Much has been made of the increase in voter participation among young people in 2020. But the act of casting a ballot represents just one method of civic engagement, and young people significantly increased their participation in other political activities last year.

New data released Tuesday by Tufts University's Center for Information & Research on Civic Learning and Engagement found that nearly three times as many people ages 18 to 24 said in late 2020 that they have donated to a political campaign or registered others to vote, as compared to 2018. And the percentage of young people who volunteered for a political campaign more than doubled in the same time frame.

CIRCLE'S research team provided The Fulcrum with data comparing six forms of civic engagement for 18- to 24-year-olds. The data is based on post-election polls, and the questions did not specify specific time frames for the engagements, meaning respondents could consider pre-2020 participation.

In addition to the big jumps in volunteering for campaigns, donating to campaigns and registering voters, the youth cohort showed modest increases in their efforts to convince others to vote and discussing political issues with friends.

One additional engagement, attending a march or demonstration, was compared to data from 2016. Four years ago, 10% of young people said they did so. The rate skyrocketed to 31% in 2020 — not surprising in a year of protests over racial injustice.

"The 2020 election cycle further cemented the younger generation's capacity to organize and effect change, often based on their shared commitment to racial and environmental justice," said CIRCLE Director Kei Kawashima-Ginsberg.

The most recent data suggests that while young people on both ends of the political spectrum are inclined to find some way to engage in politics, Democrats are generally more positive about the role of their age group. Among people ages 18 to 29, nearly 90% of those who voted for Joe Biden said their generation should participate in decision making, has a responsibility to do so or has the power to effect change. Among those who voted for Donald Trump, those percentages were in the mid-1970s.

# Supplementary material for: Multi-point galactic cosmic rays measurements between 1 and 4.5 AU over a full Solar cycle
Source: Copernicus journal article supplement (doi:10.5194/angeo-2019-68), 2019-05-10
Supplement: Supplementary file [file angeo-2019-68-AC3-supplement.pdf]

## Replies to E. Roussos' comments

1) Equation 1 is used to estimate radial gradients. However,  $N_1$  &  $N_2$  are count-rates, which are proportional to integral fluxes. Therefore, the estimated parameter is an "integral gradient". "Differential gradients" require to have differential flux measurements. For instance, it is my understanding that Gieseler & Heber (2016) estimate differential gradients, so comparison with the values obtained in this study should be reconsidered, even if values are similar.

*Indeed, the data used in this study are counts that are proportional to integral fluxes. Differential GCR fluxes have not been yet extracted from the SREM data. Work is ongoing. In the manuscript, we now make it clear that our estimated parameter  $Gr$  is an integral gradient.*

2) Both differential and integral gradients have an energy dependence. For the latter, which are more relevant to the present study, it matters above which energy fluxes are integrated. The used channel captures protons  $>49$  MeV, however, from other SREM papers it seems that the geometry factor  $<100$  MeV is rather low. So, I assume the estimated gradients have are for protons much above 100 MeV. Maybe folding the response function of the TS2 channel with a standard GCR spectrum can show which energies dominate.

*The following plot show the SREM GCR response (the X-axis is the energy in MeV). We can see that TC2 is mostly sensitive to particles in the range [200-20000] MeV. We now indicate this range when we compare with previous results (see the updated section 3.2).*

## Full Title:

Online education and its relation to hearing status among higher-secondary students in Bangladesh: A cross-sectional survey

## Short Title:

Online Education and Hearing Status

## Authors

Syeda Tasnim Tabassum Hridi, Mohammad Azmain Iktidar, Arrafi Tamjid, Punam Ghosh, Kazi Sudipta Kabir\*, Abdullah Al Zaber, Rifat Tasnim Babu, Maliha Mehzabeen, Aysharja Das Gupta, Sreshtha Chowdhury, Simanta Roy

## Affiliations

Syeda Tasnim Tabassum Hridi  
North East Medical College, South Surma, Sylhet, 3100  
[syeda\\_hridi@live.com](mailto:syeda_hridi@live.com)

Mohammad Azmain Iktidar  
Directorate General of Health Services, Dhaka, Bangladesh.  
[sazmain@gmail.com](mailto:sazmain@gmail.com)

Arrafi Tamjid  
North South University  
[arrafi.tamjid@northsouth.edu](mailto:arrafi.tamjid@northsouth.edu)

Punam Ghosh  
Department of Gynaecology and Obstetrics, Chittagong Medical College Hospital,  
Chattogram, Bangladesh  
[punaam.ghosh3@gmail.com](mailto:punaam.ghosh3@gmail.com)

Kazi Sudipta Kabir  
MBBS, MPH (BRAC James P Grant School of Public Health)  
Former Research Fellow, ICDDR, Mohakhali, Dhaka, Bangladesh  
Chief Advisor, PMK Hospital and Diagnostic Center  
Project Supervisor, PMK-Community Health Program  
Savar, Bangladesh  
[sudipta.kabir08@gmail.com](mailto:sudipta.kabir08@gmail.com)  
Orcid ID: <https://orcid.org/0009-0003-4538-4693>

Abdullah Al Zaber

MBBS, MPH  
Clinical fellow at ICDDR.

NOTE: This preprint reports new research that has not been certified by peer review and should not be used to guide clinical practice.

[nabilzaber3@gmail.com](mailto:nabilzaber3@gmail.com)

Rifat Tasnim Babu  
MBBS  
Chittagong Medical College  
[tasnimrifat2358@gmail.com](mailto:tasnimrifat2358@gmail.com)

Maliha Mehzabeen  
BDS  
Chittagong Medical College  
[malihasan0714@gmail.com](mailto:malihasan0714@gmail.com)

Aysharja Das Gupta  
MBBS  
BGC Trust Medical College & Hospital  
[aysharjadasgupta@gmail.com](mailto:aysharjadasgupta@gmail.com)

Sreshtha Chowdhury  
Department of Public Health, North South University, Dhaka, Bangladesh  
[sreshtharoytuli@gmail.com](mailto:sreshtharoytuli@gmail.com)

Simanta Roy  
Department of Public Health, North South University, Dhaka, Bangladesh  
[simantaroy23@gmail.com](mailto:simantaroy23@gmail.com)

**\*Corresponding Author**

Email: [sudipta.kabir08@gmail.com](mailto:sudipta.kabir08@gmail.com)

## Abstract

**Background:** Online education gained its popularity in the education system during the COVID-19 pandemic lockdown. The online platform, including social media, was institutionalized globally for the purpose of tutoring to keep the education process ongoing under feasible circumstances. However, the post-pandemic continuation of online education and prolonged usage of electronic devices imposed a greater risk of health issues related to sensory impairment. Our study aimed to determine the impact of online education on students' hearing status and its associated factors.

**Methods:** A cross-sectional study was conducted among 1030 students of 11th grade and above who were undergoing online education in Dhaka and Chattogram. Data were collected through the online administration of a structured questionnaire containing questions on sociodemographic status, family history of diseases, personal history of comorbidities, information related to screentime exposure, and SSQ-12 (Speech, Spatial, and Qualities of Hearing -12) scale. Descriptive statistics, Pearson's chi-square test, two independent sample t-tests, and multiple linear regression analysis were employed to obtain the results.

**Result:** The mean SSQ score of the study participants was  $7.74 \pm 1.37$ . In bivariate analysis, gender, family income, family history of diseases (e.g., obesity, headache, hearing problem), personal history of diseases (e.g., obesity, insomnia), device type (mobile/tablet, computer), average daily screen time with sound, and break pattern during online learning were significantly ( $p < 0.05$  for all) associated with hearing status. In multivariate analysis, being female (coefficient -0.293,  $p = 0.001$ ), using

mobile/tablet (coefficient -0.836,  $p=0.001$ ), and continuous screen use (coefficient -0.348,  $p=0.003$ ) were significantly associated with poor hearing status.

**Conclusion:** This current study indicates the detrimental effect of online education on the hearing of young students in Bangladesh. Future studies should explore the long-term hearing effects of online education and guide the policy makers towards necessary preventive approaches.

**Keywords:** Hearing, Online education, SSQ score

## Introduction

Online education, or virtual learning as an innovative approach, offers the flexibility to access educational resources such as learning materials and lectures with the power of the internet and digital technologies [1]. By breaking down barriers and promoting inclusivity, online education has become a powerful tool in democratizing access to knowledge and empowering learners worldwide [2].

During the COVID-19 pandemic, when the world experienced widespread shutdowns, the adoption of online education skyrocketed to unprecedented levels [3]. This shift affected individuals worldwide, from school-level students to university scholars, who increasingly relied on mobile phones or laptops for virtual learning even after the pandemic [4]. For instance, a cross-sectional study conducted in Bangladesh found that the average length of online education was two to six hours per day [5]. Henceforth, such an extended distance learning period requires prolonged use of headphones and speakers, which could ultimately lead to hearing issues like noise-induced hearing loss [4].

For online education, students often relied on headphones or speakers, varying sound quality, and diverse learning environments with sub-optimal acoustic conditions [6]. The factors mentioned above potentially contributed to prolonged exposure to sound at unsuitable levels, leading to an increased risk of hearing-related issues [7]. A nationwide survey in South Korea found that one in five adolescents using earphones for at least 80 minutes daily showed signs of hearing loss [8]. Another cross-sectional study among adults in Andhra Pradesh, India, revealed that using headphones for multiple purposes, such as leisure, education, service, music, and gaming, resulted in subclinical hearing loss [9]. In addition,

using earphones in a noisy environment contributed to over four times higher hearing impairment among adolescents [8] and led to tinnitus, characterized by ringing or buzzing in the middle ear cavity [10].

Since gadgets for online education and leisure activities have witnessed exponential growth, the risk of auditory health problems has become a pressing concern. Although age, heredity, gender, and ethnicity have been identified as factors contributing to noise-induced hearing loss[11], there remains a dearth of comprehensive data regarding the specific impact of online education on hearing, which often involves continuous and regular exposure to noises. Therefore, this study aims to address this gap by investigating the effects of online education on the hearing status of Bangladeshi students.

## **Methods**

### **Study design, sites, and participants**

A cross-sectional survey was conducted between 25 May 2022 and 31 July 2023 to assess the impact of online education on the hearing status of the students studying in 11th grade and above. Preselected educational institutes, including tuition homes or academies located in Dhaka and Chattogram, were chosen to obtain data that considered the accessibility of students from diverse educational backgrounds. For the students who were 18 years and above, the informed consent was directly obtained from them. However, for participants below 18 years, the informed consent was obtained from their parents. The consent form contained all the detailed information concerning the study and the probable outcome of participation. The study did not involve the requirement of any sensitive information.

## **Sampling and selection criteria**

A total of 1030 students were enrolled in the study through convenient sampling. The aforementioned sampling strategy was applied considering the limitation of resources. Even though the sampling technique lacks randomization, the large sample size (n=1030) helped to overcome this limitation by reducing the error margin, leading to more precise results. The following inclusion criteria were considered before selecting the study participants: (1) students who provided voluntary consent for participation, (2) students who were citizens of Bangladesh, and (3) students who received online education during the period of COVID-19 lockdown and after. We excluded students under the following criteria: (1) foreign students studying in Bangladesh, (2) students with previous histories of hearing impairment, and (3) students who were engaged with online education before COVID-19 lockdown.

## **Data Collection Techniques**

"Now that the elections are behind us, young people are poised to seize their power to make change on issues they care about and to strengthen our democracy. They know that their continued engagement is needed now more than ever," said Alan Solomont, dean of Tisch College, which houses the CIRCLE program at Tufts.

The 2020 survey was conducted by Gallup for CIRCLE. In 2016 and 2018, the program used the polling firm GfK.

(The Fulcrum covers what's making democracy dysfunctional and efforts to fix our governing systems. Sign up for our newsletter at The Fulcrum is a nonprofit, nonpartisan news platform covering efforts to fix our governing systems. It is a project of, but editorially independent from, Issue One.)

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